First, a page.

Titan (T16) Viewed by Cassini’s Radar – July 22, 2006
This radar image shows the entire scene in which hydrocarbon lakes were first discovered on Titan, near its north pole (see PIA08630
). This image was acquired on July 22, 2006, by Cassini's radar instrument in synthetic aperture mode.
The most striking landforms are the lakes: dark patches, some circular, some irregular, many with apparently steep rims, over much of the terrain north of 70 degrees latitude. The most convincing lake forms occur at the narrowest, central part of the scene, which is at the highest latitudes. Here they have short, stubby channels leading into them, and brighter areas within that indicate either dried-up lakes or that we are seeing through a transparent liquid.
The image also shows the considerable variation in the kinds of surface features found at different latitudes. Beginning at the left (20 degrees north by 142 degrees west) and heading north, a circular feature about 75 kilometers (47 miles) in diameter is seen, which could be either an impact crater or a volcanic caldera. Other less distinct circular forms are seen next, possibly including some dried lakes, followed by some ridge-like terrain with dark meandering channels or valleys. The dark lakes begin to appear next (at about 70 degrees north), with more distinct lakes in the middle of the scene, where the swath is closest to the pole and starts to descend to the south. Farther on, apparently dry lakes and canyons begin to dominate, and the region becomes more complex and etched. At the extreme right end, dunes similar to those seen previously mingle with brighter features. The swath ends at 13 degrees north by 347 degrees west.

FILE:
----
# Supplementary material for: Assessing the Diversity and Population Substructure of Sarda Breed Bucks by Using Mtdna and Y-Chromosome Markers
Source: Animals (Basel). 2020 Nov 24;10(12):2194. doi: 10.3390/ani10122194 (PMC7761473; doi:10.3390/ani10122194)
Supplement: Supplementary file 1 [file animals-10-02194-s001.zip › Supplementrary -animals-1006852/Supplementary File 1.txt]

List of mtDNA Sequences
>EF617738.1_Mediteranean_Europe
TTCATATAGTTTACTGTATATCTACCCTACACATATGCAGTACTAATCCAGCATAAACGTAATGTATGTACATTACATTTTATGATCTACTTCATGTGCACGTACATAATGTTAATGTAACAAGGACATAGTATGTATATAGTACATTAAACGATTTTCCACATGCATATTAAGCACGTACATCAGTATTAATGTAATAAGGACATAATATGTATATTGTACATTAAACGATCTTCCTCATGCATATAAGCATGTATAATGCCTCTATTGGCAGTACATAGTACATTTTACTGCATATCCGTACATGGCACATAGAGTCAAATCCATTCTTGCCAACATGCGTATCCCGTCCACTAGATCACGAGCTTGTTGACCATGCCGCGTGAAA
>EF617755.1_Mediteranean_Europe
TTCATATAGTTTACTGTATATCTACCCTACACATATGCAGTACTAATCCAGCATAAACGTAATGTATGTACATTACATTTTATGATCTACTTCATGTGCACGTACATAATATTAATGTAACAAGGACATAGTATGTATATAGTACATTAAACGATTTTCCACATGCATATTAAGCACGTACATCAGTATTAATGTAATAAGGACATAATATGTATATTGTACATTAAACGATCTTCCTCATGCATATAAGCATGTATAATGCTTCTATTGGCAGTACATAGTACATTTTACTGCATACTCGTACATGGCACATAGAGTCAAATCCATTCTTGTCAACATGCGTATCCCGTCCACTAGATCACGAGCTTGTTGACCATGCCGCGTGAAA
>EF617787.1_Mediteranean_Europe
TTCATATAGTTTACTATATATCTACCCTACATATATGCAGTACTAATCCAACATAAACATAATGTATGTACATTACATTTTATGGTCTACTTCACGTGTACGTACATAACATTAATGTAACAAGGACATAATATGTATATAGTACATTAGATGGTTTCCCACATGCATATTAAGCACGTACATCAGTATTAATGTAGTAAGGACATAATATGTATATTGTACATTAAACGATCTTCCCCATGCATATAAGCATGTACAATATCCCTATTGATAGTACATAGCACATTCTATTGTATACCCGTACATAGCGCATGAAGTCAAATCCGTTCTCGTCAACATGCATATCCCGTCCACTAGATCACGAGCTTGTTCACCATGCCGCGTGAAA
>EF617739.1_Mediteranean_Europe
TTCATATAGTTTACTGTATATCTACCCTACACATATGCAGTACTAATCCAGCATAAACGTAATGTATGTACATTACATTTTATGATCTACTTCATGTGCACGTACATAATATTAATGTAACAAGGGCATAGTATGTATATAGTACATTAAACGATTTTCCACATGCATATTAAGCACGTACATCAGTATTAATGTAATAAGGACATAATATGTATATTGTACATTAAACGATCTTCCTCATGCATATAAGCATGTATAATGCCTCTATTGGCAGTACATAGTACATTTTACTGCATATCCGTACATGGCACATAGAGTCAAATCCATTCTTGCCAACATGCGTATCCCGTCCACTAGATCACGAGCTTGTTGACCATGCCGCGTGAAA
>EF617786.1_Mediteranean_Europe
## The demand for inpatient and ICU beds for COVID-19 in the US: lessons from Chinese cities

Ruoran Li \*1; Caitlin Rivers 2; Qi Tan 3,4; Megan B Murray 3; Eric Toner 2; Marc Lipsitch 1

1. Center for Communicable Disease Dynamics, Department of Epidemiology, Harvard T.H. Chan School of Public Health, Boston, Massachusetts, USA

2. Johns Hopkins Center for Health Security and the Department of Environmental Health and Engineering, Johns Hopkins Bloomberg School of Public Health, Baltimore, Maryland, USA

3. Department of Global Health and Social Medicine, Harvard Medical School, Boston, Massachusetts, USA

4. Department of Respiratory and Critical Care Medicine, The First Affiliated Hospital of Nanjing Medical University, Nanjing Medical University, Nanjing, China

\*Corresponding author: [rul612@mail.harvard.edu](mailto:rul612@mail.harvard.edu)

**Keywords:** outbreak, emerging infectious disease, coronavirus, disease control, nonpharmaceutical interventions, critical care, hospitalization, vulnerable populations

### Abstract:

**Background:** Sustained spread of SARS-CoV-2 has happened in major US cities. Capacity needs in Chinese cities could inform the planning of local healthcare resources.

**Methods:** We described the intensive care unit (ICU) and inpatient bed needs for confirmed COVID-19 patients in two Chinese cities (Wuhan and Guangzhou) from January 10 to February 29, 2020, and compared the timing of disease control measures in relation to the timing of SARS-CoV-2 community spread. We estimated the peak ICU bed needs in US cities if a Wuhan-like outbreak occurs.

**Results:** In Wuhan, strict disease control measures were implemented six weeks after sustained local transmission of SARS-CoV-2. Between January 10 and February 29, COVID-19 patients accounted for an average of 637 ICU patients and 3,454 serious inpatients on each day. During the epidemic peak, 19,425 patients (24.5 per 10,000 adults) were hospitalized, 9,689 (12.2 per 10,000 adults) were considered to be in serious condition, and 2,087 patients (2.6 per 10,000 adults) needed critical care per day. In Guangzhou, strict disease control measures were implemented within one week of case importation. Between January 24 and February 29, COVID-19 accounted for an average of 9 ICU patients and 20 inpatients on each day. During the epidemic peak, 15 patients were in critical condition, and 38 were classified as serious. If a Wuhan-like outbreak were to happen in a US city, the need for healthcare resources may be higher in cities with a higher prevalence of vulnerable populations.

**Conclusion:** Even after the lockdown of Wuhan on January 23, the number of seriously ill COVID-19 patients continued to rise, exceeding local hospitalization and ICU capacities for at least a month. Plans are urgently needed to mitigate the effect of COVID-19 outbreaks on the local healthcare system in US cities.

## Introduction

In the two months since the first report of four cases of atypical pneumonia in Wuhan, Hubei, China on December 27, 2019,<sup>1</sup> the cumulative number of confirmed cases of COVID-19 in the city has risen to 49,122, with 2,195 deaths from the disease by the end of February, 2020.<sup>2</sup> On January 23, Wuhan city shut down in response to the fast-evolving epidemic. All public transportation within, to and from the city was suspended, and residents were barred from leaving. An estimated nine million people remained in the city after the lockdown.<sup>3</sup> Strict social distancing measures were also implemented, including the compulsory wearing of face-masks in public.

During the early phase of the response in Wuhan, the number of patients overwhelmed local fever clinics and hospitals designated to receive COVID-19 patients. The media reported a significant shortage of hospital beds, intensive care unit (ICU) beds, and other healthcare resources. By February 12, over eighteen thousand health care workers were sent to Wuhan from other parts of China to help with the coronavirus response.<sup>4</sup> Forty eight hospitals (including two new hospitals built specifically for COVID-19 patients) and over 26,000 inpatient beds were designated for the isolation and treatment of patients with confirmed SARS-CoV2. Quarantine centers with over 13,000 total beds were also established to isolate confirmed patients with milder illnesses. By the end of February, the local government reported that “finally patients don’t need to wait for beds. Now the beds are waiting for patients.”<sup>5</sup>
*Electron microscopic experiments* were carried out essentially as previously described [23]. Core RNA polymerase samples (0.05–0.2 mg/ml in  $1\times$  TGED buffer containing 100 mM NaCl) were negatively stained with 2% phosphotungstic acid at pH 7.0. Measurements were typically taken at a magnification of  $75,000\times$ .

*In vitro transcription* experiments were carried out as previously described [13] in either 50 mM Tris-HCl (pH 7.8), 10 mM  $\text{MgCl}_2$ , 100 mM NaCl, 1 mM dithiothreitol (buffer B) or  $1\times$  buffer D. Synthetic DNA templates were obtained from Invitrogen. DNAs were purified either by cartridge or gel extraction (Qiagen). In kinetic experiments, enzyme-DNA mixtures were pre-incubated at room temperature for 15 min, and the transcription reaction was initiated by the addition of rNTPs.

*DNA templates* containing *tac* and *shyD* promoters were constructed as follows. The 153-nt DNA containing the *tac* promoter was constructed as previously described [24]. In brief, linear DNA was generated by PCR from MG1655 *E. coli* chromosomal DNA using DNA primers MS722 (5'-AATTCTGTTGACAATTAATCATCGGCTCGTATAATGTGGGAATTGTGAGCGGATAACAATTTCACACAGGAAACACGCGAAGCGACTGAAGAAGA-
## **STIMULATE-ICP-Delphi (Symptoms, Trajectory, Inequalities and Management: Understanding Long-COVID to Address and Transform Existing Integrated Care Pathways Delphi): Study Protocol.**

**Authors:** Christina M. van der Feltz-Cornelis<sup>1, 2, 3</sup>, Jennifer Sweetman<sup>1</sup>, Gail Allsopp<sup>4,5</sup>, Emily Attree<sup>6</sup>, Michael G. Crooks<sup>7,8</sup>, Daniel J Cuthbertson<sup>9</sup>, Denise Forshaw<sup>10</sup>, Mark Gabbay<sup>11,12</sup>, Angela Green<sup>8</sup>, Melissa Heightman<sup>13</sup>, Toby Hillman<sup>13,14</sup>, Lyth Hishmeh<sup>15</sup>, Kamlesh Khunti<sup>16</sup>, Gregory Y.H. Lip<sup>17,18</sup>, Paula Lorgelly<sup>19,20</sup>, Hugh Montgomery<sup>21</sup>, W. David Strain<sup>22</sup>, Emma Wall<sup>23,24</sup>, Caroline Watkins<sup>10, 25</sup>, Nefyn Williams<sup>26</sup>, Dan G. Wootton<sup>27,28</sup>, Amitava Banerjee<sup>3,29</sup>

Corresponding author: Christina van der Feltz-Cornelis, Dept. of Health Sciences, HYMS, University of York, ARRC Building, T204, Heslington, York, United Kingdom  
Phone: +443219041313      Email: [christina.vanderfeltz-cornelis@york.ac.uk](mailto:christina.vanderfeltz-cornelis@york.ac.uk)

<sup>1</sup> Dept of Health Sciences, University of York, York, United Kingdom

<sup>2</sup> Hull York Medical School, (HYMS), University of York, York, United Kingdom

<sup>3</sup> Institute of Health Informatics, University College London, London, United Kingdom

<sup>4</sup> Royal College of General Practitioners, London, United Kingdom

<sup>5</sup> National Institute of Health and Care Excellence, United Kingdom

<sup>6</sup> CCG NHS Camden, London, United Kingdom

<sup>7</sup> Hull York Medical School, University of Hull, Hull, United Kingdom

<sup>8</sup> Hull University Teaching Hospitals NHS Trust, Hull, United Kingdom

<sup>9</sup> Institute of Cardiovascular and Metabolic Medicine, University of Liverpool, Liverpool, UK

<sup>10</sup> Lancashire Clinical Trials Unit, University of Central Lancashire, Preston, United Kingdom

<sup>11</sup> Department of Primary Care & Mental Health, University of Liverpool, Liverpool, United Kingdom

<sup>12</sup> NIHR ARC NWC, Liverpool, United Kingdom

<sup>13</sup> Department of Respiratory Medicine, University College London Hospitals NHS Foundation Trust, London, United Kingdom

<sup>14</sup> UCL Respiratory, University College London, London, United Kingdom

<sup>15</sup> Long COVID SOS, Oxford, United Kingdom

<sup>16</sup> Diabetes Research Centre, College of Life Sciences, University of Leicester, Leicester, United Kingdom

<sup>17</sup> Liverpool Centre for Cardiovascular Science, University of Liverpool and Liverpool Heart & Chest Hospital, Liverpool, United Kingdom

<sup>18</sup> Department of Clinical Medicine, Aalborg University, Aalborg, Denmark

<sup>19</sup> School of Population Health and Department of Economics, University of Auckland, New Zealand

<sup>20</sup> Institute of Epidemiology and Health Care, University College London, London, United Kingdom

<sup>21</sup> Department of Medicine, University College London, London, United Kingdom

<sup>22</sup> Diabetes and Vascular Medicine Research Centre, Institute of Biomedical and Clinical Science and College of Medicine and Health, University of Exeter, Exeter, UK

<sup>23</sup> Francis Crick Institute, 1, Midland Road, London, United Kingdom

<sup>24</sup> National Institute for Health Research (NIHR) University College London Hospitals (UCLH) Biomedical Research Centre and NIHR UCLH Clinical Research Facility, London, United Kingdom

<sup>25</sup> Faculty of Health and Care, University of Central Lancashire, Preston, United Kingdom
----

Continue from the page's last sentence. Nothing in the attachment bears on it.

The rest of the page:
The Cassini-Huygens mission is a cooperative project of NASA, the European Space Agency and the Italian Space Agency. The Jet Propulsion Laboratory, a division of the California Institute of Technology in Pasadena, manages the mission for NASA's Science Mission Directorate, Washington, D.C. The Cassini orbiter was designed, developed and assembled at JPL. The radar instrument was built by JPL and the Italian Space Agency, working with team members from the United States and several European countries.
For more information about the Cassini-Huygens mission visit http://saturn.jpl.nasa.gov.
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